Good said that he was prepared at the May 1999 board meeting to recommend that Lilly be fired. She resigned before the board acted, citing an atmosphere of blame and attempts to control the staff. Former board chairman Jim Tyree gives Lilly credit for starting to turn Koinonia around, but said she was unwilling to share authority with the board and that her resignation was “for the best.” Of Lilly’s tenure, Good said, “There was misappropriation of funds and mismanagement.” Lilly’s reply: “I feel like I’m taking the blame for something that was already there, and that’s an injustice.”

The board decided not to seek a replacement for the director. A management “team” is in place, and all checks must be signed by a board member.

Now the question is whether there is work for Koinonia to do. Good said the board has made two major decisions about Koinonia’s future. First, about half the farmland has been sold and the farming operation downsized. This has reduced Koinonia’s debt from about $850,000 to $120,000. Farming will remain a part of Koinonia’s volunteer program, but it will no longer be the primary source of income.

The second decision, pending final approval, is to create the Clarence Jordan Center for the Advancement of Christian Discipleship. The board has plans to apply for a grant from the Lilly Foundation to get the center started.

Good said he envisions the discipleship center as a place where there would be seminars on Jordan’s theology; discussions about “a new, nonpaternalistic paradigm of missions”; conferences at which black and white churches could be brought together to forge partnerships; and “experiential education” for volunteers as Koinonia has traditionally practiced it, learning by serving with manual labor.

According to Tyree, the center would return Koinonia to one of the concerns Jordan had just before he died, that of spiritual development. “What has been missing is a spiritual vitality. We want to go back to basics,” he said. Fuller, who has stayed “at arm’s length” from Koinonia for years, said he is hopeful about its future.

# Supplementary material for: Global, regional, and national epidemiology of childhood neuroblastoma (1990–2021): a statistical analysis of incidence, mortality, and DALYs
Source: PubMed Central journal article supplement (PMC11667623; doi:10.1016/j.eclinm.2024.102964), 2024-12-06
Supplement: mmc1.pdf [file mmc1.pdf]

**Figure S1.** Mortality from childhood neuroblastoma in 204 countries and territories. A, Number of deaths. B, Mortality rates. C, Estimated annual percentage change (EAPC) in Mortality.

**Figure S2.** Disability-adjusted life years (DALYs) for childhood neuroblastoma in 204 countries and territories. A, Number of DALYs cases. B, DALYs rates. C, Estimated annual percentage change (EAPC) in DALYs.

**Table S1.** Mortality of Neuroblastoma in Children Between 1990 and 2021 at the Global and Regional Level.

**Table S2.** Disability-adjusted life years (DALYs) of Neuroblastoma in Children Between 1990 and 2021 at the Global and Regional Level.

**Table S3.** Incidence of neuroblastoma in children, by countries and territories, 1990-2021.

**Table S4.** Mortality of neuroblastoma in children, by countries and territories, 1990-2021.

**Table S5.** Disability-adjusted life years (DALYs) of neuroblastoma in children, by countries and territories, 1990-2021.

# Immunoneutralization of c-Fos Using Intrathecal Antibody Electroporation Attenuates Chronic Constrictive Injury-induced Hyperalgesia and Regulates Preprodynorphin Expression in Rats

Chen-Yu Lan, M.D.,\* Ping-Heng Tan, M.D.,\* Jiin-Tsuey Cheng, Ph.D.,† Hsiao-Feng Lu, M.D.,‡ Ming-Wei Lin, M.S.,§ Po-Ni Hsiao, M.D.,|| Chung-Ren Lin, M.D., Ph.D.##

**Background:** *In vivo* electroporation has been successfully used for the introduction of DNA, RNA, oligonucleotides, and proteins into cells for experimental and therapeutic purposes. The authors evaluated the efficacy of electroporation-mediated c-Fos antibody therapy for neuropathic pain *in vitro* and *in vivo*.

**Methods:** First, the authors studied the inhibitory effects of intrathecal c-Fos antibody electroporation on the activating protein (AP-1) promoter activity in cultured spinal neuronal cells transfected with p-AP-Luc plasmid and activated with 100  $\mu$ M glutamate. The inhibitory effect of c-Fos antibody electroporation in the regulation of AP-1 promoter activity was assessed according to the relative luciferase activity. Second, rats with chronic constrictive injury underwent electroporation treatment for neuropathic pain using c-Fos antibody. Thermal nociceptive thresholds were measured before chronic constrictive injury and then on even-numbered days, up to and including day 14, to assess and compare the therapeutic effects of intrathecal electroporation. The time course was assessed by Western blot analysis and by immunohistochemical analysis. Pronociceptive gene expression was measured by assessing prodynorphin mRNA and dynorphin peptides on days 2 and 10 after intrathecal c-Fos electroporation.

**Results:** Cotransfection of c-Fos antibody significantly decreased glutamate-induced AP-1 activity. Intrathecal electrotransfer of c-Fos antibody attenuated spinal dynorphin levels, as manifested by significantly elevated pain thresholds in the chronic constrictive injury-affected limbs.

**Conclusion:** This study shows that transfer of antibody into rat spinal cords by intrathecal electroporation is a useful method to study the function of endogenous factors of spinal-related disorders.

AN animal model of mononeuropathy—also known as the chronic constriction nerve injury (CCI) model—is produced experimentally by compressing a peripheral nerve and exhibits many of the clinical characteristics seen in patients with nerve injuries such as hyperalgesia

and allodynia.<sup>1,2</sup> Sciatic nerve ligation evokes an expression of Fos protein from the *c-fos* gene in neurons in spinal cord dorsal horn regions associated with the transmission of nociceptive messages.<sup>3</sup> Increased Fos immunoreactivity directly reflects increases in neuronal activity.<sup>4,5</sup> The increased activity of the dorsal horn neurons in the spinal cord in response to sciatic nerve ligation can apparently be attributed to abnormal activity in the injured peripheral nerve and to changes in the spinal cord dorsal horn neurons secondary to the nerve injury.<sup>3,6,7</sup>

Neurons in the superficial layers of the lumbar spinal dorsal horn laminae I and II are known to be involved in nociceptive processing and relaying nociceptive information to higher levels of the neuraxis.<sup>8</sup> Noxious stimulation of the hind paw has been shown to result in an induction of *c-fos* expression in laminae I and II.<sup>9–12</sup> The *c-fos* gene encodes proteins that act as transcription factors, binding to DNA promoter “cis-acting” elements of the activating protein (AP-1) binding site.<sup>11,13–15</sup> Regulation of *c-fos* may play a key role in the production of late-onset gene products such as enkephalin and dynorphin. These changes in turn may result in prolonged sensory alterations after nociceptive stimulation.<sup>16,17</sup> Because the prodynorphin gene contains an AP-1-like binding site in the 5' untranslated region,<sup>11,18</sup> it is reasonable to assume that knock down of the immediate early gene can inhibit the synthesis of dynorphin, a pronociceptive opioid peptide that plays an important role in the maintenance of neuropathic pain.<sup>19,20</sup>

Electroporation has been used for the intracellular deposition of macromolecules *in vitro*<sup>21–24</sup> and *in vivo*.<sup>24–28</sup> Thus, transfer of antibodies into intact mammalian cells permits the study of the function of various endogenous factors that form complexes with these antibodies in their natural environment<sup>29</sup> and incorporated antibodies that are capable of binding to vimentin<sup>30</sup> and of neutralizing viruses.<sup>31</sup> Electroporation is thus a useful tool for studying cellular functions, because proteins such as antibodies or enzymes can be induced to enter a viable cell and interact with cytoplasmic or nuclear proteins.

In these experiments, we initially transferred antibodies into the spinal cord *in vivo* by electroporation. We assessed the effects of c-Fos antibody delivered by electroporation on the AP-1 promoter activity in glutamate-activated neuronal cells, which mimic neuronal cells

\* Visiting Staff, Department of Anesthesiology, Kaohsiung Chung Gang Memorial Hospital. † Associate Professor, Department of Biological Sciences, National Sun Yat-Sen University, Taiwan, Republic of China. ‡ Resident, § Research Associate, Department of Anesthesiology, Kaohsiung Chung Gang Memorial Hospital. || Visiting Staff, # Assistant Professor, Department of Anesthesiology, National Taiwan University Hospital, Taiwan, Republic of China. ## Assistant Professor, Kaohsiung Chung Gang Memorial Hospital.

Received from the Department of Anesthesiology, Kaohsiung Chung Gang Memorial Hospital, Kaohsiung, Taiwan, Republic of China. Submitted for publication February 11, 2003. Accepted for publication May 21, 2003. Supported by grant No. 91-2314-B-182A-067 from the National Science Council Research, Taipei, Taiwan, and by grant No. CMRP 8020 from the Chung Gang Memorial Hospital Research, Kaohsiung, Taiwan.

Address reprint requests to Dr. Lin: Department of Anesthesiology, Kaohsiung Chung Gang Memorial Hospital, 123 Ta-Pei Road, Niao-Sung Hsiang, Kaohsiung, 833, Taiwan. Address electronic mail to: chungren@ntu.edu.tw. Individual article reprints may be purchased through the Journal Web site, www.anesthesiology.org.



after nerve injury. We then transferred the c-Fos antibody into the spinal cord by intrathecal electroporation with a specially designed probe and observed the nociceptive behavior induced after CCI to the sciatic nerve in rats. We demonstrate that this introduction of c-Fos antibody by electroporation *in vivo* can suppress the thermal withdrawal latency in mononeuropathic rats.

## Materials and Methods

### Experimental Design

So it appears that, thanks in large measure to Good and his congregation, Koinonia will once more become a place where ministry in the white liberal style will be carried on, and the pendulum will swing back toward community. Perhaps that is fitting, in a way. In doing so, it may be returning to the vision of Koinonia’s founders and may once more draw white support, but it is unclear whether the black people who work at Koinonia and live nearby will embrace that vision.

Mildred Burton, a longtime Koinonia employee who recently resigned, told me there is concern that blacks will be blamed for the difficulties of the past few years. And in words echoing those of the employees’ letter several years ago, she says of the decision to sell the farmland, “Locally, nobody was asked. We have complete strangers coming in making decisions.”

I asked Tyree about the danger of once more alienating the black employees and those in the villages. He said in effect that Koinonia is no longer simply a local ministry but part of a legacy that has a wider scope. “The fact that there were no black partners was not the real issue. The people who do come—we’ll make sure they’re thoroughly grounded in the ideas of Koinonia, of reconciliation and empowerment. Whether they’re all white, we’ll leave that to the Lord.”

Good spoke of the “globalization of Koinonia,” and said that except for Koinonia’s day-care center, the villages had “very little connection” with it anymore. “This ghettoization has to change. Koinonia needs to be integrated with the rural community, with America and the wider world,” he said. In its new manifestation, Koinonia could become more successful and renowned than it ever has been, in the fashion of Habitat for Humanity. But Koinonia’s struggles signal the profound difficulties of bridging racial, cultural and regional differences. If Koinonia once more becomes a white retreat center—a global one this time—the irony will come full circle.

Betty Jean Jones told me, “Koinonia has always focused on the needs in Sumter County. It would be self-defeating if things in their own neighborhood aren’t right.”

Fuller’s interpretation of Clarence Jordan’s vision is that differences are bridged simply by working side by side in the name of Christ on the worthy goal of alleviating inadequate housing. It’s impossible to question the success of Jordan’s legacy at Habitat. But Koinonia has always aspired to the goal of a deeper brotherhood, a closer communion between black and white. Though failing to achieve it, Koinonia has provided inspiration and hope to thousands in the attempt. If the new Koinonia can manage even that much, then perhaps Jordan’s legacy will reach yet another generation.